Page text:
Most eukaryotes contain many tandem repeats of ribosomal RNA genes of which only a subset is transcribed at any given time. Current biochemical methods allow for the determination of the fraction of transcribing repeats (ON) versus non‐transcribing repeats (OFF) but do not provide any dynamical information and obscure any transcription activity at the single‐cell level. Here, we use a fluorescence in situ hybridization (FISH) technique that allows the detection of single‐RNA molecules in individual yeast cells. We use this method complemented with theoretical modeling to determine the rate of switching from OFF to ON (activation rate) and the average number of RNA molecules produced during each transcriptional burst (burst size). We explore how these two variables change in mutants and different growth conditions, and show that this method resolves changes in these two variables even when the average rDNA expression is unaltered. These phenotypic changes could not have been detected by traditional biochemical assays.
Fluorescence in‐situ hybridization (FISH) technique allows the detection of single RNA molecules in individual yeast cells. We use this method complemented with theoretical modeling to determine the rate of switching from OFF to ON (activation rate) and the average number of RNA molecules produced during each transcriptional burst (burst size).
Switching of the rDNA repeats between the inactive non‐transcribing state and the active transcribing state occurs rapidly. On average, it takes an inactive repeat 8 2 min to transit to the active state.
As cell density increases, mean rRNA transcriptional activity decreases. This is due to the decreases in burst size. The activation rate remains constant.
In the rpd3 strain, activation rate doubles and the burst size is half that of wild‐type cells in log‐phase. This effect of Rpd3 on activation rate is independent of cell density. As the cell density increases, the burst size of the rpd3 strain becomes similar to that of wild‐type cells.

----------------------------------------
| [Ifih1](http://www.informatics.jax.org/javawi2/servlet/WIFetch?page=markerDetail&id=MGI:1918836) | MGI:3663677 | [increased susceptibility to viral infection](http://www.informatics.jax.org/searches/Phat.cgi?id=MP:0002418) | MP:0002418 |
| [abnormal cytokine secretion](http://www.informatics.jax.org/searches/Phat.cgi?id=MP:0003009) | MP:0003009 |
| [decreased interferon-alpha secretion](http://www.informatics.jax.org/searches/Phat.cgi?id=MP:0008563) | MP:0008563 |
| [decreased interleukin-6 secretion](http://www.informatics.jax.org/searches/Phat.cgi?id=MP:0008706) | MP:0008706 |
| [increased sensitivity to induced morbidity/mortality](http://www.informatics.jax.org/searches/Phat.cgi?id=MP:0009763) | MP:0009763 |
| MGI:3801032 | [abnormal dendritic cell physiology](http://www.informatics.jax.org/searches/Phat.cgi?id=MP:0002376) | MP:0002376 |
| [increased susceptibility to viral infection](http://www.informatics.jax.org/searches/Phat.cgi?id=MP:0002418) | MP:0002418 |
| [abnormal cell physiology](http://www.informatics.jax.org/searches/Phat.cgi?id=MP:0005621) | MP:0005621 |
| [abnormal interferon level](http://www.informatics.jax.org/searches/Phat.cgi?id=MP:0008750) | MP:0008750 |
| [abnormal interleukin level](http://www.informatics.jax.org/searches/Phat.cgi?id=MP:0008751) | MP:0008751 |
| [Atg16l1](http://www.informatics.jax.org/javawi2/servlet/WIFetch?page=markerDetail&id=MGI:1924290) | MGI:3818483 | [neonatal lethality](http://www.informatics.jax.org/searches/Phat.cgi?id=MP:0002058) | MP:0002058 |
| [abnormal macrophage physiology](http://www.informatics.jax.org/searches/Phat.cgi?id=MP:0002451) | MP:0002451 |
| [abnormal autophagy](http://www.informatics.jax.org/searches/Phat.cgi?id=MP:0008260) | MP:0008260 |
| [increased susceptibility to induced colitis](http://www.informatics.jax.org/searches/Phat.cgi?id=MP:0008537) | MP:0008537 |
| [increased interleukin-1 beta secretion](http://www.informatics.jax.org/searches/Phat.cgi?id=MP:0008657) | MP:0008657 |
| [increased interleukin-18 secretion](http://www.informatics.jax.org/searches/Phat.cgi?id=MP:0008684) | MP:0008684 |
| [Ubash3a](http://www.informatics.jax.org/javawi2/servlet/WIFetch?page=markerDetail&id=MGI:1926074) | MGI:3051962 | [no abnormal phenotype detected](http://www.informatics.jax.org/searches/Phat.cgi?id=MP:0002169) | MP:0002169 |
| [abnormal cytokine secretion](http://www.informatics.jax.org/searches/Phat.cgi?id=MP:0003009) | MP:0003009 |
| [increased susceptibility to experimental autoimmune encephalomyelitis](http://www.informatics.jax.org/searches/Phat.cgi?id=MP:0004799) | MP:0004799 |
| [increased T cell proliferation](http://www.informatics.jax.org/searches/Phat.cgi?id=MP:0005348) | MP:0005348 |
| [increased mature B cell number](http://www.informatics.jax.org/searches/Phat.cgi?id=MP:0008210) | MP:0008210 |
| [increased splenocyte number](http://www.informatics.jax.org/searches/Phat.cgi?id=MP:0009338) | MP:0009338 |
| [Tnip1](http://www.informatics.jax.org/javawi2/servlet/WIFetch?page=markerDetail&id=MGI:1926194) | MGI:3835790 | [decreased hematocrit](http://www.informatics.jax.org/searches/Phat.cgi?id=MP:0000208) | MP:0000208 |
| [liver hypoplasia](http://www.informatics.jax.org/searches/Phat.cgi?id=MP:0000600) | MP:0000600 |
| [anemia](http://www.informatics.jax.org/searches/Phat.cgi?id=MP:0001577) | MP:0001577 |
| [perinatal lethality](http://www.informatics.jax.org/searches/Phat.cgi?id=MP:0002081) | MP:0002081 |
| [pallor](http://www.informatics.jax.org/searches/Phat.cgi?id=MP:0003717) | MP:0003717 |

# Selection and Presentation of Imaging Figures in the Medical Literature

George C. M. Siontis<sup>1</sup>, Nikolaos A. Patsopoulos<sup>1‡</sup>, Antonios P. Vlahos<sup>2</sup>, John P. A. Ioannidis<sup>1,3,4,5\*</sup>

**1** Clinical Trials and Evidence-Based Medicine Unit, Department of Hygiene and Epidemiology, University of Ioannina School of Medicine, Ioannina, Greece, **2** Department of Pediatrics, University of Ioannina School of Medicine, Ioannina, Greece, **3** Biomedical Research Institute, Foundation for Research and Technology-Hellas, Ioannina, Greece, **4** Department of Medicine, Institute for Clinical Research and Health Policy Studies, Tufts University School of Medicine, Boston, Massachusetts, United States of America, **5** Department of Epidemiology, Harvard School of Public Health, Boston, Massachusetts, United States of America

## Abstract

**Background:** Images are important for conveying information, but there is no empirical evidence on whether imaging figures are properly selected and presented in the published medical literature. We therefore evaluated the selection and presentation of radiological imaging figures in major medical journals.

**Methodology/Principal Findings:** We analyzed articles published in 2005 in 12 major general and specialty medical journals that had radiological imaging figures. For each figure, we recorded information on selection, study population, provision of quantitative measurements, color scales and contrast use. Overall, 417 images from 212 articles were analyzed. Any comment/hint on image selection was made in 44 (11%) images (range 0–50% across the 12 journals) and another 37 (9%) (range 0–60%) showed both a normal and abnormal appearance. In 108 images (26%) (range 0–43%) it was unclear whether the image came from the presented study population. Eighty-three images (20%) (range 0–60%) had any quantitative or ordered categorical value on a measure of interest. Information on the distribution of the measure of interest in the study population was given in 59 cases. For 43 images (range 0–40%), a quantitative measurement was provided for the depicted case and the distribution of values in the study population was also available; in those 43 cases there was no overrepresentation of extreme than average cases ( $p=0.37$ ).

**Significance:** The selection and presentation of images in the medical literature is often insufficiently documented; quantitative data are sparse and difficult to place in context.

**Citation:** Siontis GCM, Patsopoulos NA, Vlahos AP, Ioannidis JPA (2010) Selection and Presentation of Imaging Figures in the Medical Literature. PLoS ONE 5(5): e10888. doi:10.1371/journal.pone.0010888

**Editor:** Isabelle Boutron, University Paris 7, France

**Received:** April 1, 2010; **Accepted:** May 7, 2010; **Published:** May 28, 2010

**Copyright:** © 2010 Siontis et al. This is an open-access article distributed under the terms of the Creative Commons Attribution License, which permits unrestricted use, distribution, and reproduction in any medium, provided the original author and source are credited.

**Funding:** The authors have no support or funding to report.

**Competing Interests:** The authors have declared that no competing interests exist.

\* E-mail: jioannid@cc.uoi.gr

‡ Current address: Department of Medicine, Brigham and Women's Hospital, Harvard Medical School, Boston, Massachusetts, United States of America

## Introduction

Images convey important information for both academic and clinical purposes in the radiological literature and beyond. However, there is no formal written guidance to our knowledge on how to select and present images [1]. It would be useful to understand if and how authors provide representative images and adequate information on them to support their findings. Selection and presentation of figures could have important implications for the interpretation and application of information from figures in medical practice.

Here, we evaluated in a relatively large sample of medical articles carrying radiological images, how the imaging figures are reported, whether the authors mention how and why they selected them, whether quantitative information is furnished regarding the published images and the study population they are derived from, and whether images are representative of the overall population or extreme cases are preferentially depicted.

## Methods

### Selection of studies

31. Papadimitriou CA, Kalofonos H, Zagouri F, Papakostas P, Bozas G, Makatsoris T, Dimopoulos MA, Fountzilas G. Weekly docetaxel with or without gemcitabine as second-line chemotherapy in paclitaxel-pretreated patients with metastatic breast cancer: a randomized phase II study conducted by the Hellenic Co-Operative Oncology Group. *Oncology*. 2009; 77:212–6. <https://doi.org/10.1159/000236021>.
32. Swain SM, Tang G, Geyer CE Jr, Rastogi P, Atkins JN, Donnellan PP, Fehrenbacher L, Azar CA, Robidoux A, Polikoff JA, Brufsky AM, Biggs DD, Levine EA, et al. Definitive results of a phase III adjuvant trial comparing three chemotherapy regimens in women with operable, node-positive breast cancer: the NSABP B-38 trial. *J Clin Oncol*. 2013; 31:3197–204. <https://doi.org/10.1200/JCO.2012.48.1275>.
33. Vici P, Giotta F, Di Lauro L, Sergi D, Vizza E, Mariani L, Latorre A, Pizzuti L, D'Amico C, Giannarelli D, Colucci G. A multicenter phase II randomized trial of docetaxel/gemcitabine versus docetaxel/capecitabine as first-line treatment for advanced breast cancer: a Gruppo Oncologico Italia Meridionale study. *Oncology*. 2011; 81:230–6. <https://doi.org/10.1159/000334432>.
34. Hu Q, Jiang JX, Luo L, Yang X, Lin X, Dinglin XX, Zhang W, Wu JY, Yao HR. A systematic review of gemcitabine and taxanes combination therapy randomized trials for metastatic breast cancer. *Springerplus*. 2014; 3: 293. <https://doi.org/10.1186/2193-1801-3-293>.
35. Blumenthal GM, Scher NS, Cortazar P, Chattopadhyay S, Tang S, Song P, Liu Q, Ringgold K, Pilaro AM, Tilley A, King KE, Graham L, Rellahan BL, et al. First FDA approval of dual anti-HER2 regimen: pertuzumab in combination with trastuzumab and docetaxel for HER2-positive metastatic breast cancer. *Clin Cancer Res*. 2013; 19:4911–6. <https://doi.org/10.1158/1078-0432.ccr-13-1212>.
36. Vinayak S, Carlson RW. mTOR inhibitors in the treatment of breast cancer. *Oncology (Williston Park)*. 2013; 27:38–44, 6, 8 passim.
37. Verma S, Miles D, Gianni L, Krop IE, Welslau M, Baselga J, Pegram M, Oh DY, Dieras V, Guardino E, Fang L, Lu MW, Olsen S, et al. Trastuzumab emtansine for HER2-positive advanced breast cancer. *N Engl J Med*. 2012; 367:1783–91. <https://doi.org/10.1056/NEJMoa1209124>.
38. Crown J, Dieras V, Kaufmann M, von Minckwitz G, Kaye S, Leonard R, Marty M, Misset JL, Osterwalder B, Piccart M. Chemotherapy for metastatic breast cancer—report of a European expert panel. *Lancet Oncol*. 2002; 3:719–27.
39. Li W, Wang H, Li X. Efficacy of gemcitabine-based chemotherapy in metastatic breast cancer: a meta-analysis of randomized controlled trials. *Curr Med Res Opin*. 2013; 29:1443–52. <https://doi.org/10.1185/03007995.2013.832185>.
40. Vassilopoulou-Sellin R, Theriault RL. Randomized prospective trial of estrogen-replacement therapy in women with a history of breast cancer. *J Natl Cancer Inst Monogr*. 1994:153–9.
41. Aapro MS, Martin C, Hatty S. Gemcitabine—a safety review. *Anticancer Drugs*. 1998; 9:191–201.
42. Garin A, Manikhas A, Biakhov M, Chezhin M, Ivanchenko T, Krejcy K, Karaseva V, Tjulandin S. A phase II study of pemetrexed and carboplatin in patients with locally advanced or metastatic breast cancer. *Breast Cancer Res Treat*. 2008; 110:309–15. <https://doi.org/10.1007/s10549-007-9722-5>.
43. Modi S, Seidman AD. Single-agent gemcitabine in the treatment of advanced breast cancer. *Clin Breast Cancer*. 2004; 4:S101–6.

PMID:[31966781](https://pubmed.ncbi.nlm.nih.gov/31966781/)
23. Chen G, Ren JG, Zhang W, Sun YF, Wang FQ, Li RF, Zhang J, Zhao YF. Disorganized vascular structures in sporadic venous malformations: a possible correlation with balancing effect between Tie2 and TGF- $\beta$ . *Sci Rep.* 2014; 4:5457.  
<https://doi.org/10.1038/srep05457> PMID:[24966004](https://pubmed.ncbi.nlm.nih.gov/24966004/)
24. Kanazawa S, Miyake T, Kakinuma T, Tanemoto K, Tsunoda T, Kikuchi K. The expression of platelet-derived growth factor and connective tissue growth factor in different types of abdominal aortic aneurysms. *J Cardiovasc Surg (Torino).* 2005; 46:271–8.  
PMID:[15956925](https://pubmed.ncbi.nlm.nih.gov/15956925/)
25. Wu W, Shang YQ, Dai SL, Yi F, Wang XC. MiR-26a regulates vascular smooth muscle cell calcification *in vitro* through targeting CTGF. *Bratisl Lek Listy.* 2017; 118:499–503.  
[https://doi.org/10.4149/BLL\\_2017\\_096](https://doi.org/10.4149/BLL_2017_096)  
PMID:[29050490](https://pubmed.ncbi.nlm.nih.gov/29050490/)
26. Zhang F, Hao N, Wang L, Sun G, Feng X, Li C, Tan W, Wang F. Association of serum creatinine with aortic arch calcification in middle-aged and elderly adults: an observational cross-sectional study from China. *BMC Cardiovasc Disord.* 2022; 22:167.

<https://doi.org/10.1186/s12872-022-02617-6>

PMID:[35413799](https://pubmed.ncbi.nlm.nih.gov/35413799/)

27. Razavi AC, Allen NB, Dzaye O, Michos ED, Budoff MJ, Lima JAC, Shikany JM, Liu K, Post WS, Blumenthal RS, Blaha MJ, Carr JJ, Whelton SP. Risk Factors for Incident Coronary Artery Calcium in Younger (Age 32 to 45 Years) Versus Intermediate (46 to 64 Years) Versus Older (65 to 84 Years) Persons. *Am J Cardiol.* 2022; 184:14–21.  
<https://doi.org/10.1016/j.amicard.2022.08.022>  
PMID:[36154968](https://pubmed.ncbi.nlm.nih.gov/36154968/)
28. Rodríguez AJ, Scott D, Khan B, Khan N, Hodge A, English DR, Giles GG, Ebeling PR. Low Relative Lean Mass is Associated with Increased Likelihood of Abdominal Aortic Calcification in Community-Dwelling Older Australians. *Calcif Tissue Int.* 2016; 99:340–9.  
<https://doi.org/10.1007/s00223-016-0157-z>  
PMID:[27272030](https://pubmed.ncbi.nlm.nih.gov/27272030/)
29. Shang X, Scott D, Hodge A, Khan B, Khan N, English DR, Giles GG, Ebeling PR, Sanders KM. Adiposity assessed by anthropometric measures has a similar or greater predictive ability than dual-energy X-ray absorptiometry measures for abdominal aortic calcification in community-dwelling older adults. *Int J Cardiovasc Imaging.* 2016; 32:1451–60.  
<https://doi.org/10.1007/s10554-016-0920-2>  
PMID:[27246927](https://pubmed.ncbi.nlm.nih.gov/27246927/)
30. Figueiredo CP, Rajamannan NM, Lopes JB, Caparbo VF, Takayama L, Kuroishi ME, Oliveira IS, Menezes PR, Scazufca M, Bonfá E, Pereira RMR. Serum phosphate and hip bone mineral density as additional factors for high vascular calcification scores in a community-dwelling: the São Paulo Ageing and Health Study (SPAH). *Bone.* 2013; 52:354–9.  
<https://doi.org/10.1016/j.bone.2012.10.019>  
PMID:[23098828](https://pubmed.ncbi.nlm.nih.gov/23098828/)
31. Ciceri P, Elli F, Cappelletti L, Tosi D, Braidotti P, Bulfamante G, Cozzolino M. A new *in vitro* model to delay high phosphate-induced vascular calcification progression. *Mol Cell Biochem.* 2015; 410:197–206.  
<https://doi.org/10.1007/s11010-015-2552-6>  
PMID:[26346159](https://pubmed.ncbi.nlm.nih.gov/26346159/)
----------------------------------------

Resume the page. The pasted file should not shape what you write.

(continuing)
Regulation of rDNA synthesis is important for cell growth control (Warner, 1999; Grummt, 2003). Yeast cells carry about 150 copies of tandemly repeated rRNA genes. The regulation of rDNA transcription occurs by controlling both the fraction of actively transcribing repeats and the transcription rate of the active genes (Sandmeier et al, 2002; French et al, 2003). During rapid growth, only about half of these genes are active (ON) and being transcribed (Conconi et al, 1989; Dammann et al, 1995). The remaining repeats are inactive (OFF) and are not transcribed. Two distinct chromatin states correlating with the difference in transcriptional activity has been observed (Dammann et al, 1993). It has been shown that OFF repeats are arranged into regular nucleosomal arrays that prevent access of the Pol I transcription machinery, whereas ON repeats have an ‘open conformation’. More recently, it has been shown that active repeats exist in a dynamic chromatin structure of unphased nucleosomes, associated with chromatin‐remodeling enzymes that may act to facilitate efficient rRNA synthesis (Jones et al, 2007). Current biochemical techniques like in vivo psoralen (Dammann et al, 1993) and electron microscopy (EM) Miller spread (Miller and Beatty, 1969) assays are frequently used in the study of rDNA regulation. Psoralen selectively cross‐links to ON repeats and slows their migration during electrophoresis, allowing the determination of the fraction of ON repeats. rDNA regulation studied using EM by the Miller spreading method allows visualization of active and inactive rDNA genes. These methods have greatly enhanced our understanding of rDNA regulation but they are tedious, require lysis of cells and do not give any information on the kinetics of regulation. Furthermore, these studies have primarily focused on population statistics. Here, we use a sensitive fluorescence in situ hybridization (FISH) method that allows visualization of single‐RNA molecules in individual cells. We obtain distributions of rDNA transcriptional activity in single cells and use these to gain insight into the kinetics of regulation and to investigate how the kinetics changes as the cell adapts to different conditions.